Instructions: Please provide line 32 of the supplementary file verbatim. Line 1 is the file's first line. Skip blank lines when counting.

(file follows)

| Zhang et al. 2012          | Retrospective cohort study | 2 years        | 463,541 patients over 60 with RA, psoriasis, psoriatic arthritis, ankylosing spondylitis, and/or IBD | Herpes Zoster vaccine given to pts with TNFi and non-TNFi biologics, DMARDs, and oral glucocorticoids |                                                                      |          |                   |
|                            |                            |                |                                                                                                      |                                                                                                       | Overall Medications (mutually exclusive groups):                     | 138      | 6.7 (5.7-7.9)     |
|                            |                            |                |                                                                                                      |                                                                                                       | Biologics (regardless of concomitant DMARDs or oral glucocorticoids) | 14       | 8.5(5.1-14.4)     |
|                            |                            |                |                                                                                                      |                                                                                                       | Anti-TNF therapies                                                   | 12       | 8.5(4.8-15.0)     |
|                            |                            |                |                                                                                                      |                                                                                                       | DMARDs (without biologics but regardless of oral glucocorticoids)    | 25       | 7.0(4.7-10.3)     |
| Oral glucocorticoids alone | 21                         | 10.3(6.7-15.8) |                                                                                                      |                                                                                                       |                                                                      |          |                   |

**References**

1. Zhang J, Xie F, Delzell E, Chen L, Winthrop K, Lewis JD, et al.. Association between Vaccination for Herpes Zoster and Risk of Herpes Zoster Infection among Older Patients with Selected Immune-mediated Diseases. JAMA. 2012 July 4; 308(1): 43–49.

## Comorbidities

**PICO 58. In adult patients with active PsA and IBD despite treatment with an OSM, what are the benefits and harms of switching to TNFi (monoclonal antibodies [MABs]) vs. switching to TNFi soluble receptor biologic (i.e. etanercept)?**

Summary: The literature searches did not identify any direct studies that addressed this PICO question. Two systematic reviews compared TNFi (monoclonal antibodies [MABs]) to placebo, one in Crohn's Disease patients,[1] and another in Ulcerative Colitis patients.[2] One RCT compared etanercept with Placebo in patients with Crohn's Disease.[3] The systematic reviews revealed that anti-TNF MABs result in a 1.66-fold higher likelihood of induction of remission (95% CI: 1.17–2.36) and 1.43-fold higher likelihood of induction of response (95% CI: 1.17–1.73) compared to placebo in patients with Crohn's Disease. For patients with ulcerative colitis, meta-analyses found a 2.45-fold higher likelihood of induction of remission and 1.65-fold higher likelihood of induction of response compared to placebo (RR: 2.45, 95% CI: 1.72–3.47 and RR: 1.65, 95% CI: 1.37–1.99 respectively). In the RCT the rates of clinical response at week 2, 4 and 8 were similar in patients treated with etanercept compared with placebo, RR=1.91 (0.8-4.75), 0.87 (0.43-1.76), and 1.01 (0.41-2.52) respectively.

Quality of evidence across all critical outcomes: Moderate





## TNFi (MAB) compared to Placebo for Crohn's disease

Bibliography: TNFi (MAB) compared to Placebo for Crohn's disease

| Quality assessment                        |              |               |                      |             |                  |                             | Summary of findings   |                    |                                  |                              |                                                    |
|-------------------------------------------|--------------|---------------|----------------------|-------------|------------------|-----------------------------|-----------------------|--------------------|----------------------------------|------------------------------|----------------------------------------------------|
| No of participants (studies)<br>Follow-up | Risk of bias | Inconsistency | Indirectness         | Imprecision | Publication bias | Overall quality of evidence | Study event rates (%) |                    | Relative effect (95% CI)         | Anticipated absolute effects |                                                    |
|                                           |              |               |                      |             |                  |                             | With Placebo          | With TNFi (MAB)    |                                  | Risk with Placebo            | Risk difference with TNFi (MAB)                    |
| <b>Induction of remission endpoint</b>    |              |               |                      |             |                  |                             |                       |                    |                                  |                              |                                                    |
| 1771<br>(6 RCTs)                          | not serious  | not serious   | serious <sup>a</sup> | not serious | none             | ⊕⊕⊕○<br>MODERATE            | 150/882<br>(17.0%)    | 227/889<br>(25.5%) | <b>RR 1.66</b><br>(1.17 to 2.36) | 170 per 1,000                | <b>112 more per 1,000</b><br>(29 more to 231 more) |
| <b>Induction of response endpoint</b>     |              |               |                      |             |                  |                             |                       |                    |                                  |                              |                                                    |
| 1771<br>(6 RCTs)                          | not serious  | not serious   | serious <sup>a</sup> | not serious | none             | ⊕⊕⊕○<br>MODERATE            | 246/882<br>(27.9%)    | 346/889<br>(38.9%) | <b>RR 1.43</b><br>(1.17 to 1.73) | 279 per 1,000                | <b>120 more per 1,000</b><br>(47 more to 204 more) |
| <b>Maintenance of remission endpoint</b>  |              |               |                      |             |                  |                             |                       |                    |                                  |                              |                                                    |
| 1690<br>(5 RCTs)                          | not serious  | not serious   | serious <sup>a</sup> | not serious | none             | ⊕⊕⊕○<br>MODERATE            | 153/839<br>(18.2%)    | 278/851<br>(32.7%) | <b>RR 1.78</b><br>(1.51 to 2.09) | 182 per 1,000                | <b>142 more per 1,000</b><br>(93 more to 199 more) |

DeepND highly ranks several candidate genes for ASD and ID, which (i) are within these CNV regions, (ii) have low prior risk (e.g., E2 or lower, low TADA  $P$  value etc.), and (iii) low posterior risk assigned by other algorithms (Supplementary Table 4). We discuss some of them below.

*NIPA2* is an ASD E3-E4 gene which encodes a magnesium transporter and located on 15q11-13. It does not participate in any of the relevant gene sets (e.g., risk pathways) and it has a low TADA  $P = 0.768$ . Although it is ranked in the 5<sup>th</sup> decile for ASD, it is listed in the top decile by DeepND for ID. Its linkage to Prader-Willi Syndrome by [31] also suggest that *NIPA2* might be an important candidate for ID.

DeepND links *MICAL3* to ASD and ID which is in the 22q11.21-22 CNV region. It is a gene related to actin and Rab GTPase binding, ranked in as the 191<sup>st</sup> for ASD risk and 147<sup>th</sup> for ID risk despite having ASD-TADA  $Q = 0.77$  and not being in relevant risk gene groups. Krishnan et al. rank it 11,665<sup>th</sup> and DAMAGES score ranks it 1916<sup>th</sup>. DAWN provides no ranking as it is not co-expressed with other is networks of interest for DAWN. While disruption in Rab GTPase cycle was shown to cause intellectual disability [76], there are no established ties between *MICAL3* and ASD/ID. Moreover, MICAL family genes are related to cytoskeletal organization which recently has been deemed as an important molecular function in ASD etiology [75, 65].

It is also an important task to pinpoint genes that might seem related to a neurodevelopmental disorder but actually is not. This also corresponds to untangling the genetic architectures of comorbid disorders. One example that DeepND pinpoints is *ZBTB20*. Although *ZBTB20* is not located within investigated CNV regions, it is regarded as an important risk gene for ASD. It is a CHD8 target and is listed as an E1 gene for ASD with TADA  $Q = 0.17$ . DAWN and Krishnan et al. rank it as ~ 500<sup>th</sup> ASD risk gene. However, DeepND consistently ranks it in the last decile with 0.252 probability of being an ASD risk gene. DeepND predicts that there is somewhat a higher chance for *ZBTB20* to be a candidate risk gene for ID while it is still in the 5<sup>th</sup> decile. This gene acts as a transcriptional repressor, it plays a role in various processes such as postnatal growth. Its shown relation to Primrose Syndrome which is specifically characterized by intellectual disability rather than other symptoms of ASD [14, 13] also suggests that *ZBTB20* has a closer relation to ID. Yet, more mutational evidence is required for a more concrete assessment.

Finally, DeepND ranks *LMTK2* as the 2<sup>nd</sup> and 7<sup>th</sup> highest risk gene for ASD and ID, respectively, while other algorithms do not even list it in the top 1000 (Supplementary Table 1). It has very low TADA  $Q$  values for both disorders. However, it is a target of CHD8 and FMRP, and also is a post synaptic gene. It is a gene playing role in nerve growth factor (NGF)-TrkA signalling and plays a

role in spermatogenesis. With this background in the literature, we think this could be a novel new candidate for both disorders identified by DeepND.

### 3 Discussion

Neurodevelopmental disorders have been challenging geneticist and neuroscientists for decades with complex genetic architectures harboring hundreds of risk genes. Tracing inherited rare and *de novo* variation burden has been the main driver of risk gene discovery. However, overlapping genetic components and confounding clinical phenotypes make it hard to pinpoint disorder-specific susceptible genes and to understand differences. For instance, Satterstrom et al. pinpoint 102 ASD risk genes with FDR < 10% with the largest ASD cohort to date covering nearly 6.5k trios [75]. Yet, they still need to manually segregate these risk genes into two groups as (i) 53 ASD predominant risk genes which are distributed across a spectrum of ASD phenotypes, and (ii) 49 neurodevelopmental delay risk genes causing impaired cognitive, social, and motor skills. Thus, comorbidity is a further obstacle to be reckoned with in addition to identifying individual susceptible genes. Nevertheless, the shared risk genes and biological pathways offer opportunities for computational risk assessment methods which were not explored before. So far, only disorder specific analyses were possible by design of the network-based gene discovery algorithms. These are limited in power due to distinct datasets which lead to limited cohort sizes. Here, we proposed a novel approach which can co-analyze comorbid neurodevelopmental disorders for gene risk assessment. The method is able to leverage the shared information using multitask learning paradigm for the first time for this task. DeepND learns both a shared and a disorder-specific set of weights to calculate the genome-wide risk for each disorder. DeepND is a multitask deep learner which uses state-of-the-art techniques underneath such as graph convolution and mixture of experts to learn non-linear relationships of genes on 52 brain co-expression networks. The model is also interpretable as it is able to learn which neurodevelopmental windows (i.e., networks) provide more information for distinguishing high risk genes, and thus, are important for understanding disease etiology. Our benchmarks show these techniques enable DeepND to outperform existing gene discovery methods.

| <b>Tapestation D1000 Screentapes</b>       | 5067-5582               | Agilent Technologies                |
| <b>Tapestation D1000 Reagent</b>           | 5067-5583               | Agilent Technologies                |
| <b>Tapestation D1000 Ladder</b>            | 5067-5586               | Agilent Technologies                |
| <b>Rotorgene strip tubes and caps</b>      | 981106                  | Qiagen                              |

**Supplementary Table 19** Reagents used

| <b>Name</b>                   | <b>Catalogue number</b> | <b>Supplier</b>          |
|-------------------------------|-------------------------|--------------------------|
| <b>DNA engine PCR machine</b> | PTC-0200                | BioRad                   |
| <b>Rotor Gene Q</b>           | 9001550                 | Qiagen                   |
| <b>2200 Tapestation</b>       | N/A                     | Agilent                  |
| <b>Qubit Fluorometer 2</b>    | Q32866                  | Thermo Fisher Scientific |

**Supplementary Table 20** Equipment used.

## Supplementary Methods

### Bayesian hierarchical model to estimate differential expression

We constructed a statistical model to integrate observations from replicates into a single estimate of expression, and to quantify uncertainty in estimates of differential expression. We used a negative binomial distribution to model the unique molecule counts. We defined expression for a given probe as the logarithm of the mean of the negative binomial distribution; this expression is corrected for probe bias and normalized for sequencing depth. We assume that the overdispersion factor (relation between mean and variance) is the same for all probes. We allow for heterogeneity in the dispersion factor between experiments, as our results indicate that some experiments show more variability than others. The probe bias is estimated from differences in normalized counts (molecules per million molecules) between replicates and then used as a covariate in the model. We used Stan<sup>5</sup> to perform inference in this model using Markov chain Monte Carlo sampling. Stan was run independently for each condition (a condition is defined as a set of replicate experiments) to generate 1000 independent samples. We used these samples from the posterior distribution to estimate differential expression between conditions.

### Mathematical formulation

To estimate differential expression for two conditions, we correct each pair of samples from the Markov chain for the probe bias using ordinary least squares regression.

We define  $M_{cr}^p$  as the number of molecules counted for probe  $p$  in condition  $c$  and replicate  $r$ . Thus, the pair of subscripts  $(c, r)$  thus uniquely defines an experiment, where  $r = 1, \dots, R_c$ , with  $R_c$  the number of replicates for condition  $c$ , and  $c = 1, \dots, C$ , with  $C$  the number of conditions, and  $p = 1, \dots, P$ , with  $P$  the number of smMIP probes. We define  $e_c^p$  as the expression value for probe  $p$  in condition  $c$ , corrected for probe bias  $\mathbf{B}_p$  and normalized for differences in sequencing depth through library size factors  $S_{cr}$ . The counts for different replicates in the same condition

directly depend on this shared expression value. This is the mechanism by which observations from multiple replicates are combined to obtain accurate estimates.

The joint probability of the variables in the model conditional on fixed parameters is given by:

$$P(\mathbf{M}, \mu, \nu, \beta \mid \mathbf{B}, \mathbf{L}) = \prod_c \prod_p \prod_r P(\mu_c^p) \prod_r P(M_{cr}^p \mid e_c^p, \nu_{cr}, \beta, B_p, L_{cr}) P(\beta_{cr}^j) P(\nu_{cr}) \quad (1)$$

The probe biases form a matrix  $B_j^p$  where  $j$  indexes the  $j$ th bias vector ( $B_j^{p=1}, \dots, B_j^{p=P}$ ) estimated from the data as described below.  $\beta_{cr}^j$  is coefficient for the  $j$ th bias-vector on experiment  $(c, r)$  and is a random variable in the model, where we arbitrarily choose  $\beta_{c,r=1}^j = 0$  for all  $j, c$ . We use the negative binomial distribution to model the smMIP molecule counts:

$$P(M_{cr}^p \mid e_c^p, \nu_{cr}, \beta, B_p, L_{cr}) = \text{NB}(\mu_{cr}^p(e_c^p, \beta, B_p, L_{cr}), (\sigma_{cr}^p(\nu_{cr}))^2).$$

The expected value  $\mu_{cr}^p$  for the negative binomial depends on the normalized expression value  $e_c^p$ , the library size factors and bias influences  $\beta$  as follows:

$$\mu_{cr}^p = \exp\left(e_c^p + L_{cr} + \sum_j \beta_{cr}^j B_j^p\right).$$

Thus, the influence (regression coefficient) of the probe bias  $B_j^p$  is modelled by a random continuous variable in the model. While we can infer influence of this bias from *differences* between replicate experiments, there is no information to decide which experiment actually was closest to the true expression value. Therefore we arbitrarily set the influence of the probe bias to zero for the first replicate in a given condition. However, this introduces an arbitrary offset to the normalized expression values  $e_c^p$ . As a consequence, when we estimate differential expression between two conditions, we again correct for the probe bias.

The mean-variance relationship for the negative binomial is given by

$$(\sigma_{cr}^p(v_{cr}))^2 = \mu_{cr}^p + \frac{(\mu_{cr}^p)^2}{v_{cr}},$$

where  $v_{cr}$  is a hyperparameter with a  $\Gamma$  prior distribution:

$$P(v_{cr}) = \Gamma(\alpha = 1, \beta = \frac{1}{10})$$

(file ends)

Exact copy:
Neurodevelopmental disorders have been challenging geneticist and neuroscientists for decades with complex genetic architectures harboring hundreds of risk genes. Tracing inherited rare and *de novo* variation burden has been the main driver of risk gene discovery. However, overlapping genetic components and confounding clinical phenotypes make it hard to pinpoint disorder-specific susceptible genes and to understand differences. For instance, Satterstrom et al. pinpoint 102 ASD risk genes with FDR < 10% with the largest ASD cohort to date covering nearly 6.5k trios [75]. Yet, they still need to manually segregate these risk genes into two groups as (i) 53 ASD predominant risk genes which are distributed across a spectrum of ASD phenotypes, and (ii) 49 neurodevelopmental delay risk genes causing impaired cognitive, social, and motor skills. Thus, comorbidity is a further obstacle to be reckoned with in addition to identifying individual susceptible genes. Nevertheless, the shared risk genes and biological pathways offer opportunities for computational risk assessment methods which were not explored before. So far, only disorder specific analyses were possible by design of the network-based gene discovery algorithms. These are limited in power due to distinct datasets which lead to limited cohort sizes. Here, we proposed a novel approach which can co-analyze comorbid neurodevelopmental disorders for gene risk assessment. The method is able to leverage the shared information using multitask learning paradigm for the first time for this task. DeepND learns both a shared and a disorder-specific set of weights to calculate the genome-wide risk for each disorder. DeepND is a multitask deep learner which uses state-of-the-art techniques underneath such as graph convolution and mixture of experts to learn non-linear relationships of genes on 52 brain co-expression networks. The model is also interpretable as it is able to learn which neurodevelopmental windows (i.e., networks) provide more information for distinguishing high risk genes, and thus, are important for understanding disease etiology. Our benchmarks show these techniques enable DeepND to outperform existing gene discovery methods.